25 Real Historical People And Events That Almost Seem Fictional

Posted by , Updated on November 20, 2022

You’ve probably learned a bit of history in high school or college. Maybe you thought it was just too boring to pay attention, but today we’re going to change that. There are some things that happened in our not-so-distant past that are just hard to believe. These include everything from some of the bloodiest uprisings in history to the fact that ketchup was at one point used as medicine.

It’s true what they say, if you don’t know history, you’re doomed to repeat it, and if we were to really repeat some of what has happened in the last several thousand years, that would be a massive step backwards for mankind. Therefore, in order to become better educated citizens, we at List25 have decided to review the most unbelievable and ridiculous points in our history and share them with you, our readers. In doing so, we are performing our civic duty to create a better world.

Okay, that was a bit overblown. We’re really just trying to brighten your day a little bit and give you something interesting to read. So, whether you’re a history buff or not, these are 25 Real Historical People And Events That Seem Almost Fictional!


Featured Image: pixabay


Wilmer Mclean's Farm

Wilmer Mclean's FarmImage: wikipedia, Source: wikipedia

The first battle of the American Civil War, Bull Run, started on Wilmer Mclean’s farm. To get away from the fighting, he moved his family over a hundred miles to Appomattox Court House in Virginia. On April 9, 1865, he got a knock on the door asking if the South’s surrender could be negotiated in his house, so the war both started and ended on his property.


Tycho Brahe

Tycho BraheImage: wikipedia, Source: wikipedia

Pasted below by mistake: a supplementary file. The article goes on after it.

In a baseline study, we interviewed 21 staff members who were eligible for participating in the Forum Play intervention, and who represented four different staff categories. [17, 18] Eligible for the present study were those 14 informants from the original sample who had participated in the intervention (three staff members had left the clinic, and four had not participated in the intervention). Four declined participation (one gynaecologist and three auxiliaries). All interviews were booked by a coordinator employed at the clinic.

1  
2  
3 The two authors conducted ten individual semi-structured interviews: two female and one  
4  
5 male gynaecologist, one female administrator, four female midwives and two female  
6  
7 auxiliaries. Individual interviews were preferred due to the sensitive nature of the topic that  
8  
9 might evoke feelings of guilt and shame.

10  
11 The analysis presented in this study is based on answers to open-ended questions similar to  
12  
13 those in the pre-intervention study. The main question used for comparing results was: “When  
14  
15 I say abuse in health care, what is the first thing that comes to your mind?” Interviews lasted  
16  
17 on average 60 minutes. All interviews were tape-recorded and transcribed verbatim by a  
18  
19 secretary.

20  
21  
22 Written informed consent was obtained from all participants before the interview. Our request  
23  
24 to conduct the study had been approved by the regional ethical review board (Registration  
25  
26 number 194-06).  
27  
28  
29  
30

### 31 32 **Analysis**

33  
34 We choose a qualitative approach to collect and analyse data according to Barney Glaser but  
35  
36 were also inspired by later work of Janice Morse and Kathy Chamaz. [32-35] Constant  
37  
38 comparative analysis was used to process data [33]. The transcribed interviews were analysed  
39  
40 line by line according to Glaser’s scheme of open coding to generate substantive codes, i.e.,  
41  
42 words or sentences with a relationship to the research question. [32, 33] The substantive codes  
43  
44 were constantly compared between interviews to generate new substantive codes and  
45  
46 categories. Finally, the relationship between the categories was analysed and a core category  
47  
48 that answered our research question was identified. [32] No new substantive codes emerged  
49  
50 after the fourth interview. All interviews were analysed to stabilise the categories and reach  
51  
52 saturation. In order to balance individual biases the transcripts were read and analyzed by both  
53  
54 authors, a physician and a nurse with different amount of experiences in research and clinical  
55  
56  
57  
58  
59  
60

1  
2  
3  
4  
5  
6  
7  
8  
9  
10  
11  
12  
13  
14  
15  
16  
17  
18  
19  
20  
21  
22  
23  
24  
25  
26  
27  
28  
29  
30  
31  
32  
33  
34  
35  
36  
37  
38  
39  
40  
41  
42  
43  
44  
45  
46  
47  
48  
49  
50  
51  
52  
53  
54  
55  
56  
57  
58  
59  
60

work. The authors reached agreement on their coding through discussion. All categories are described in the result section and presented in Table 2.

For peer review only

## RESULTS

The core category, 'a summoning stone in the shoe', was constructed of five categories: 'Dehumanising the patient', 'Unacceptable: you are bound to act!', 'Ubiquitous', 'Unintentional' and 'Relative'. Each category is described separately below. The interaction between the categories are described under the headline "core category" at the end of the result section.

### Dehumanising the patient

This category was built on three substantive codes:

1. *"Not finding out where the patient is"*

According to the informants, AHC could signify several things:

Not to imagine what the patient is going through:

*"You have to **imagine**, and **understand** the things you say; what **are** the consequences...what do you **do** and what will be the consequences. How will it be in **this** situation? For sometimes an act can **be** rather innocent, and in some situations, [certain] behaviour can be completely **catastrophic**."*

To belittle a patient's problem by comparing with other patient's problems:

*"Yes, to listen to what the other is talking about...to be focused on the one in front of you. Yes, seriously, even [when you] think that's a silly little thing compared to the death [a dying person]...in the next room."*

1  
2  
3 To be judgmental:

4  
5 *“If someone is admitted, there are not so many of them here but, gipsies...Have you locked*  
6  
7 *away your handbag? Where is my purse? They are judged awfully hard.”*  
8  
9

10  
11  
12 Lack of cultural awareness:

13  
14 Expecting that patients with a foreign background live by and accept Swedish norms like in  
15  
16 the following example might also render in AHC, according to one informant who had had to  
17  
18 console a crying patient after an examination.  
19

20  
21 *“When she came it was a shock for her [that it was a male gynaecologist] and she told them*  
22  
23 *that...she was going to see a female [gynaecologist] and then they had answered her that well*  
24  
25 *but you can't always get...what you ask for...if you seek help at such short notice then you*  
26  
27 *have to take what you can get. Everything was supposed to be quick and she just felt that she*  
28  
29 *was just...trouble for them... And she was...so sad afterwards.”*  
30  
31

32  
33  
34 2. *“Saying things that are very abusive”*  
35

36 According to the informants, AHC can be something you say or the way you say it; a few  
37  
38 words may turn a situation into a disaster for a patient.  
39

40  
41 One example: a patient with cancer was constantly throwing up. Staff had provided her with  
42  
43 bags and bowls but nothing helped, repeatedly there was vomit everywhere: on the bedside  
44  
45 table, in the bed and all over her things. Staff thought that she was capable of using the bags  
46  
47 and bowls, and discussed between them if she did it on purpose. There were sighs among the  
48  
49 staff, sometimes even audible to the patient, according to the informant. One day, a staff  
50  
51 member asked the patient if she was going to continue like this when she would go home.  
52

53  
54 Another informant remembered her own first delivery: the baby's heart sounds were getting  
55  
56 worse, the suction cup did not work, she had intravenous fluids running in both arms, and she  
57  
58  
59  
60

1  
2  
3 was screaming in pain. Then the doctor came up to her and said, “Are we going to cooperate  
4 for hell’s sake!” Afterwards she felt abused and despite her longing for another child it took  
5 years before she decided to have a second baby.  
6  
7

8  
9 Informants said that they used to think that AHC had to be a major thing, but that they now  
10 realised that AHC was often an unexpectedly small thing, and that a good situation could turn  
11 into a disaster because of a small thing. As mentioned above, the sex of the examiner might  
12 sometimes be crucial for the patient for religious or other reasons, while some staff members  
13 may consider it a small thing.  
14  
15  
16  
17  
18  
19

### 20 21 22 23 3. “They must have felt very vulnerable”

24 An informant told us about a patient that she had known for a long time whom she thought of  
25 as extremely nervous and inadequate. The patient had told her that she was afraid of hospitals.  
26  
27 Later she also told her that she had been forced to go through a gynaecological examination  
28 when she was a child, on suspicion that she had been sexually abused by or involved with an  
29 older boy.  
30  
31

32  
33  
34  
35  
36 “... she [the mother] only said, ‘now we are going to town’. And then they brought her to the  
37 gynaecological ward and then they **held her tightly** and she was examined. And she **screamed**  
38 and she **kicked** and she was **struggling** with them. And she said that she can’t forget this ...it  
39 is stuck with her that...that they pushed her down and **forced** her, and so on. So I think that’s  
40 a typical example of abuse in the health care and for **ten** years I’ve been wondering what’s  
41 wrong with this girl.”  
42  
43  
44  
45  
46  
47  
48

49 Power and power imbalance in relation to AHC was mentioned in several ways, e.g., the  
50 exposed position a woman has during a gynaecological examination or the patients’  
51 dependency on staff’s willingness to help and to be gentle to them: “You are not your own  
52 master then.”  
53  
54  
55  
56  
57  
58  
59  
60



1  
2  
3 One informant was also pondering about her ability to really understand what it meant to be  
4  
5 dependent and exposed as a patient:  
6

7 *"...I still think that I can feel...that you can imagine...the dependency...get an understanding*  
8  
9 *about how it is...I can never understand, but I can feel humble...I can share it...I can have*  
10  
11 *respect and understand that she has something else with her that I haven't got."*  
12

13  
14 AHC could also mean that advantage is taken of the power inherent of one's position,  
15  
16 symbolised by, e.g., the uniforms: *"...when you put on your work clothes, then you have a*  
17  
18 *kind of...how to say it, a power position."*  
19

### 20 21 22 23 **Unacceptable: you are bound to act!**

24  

This Danish nobleman was kidnapped by his uncle at a young age (his parents apparently didn’t care). He owned a pet elk until it got drunk, fell down a staircase, and died. And he allegedly died due to bladder issues after refusing to use the bathroom.


The Tulip Bubble

The Tulip BubbleImage: wikipedia, Source: wikipedia

During the 17th Century, the price of tulips in the Netherlands skyrocketed with some costing more than an entire house. Needless to say, this was one of the first examples of a financial bubble that we have on record. And yes, the bubble eventually burst when people quit buying such ridiculously expensive tulips.


Washington DC (circa 1812)

Washington DCImage: wikipedia, Source: wikipedia

Right after the British burned it down in 1812, it was hit with a hurricane and a tornado…simultaneously.


Operation Mincemeat

Operation MincemeatImage: wikipedia, Source: wikipedia

During World War II, the allies took a dead, homeless man out of the morgue, dressed him up as a high ranking military officer, and threw his body overboard off the coast of Spain. It was intended to mislead the Nazi’s about possible landing points for future invasions.


Napoleon vs Bunnies

Napoleon vs BunniesImage: wikipedia, Source: wikipedia

One of Napoleon’s biggest defeats was at the hands of fuzzy wuzzy bunny rabbits. Napoleon had suggested a rabbit hunt for his court, but as soon as the game keepers released the rabbits, they all turned on Napoleon. He retreated to his coach, but the rabbits were relentless. Apparently, the rabbits had mistaken his coach for that of their keeper, and they thought Napoleon was bringing them food.


Jimmy Carter vs Bunny

Jimmy Carter vs BunnyImage: wikipedia, Source: wikipedia

President Carter was another world leader who had a run-in with rabbits. Well, it was actually just one rabbit. While out on a fishing trip, a large hare came swimming towards his boat, and he apparently tried shooing it away. The next day, headlines read “President Attacked By Rabbit.”


Civil War Spectators

Civil War SpectatorsImage: wikipedia, Source: wikipedia

During the early battles of the American Civil War, the Union thought they would win so decisively that rich northerners would bring lunches and picnic on nearby hills as they watched the fighting. Needless to say, it was a bad idea.



HannibalImage: wikipedia, Source: wikipedia

He took an army of elephants across the Alps, and if you’ve ever seen the Alps, you know why that is impressive. Although many died, enough made it to Rome to scare the daylights out of the Romans.



OwyheeImage: wikipedia, Source: wikipedia

This is the original spelling of “Hawaii.” There are places in the Pacific Northwest with this name because they were explored by expeditions of which members were Hawaiian.


Christmas Truce of 1914

Christmas Truce of 1914Image: wikipedia, Source: wikipedia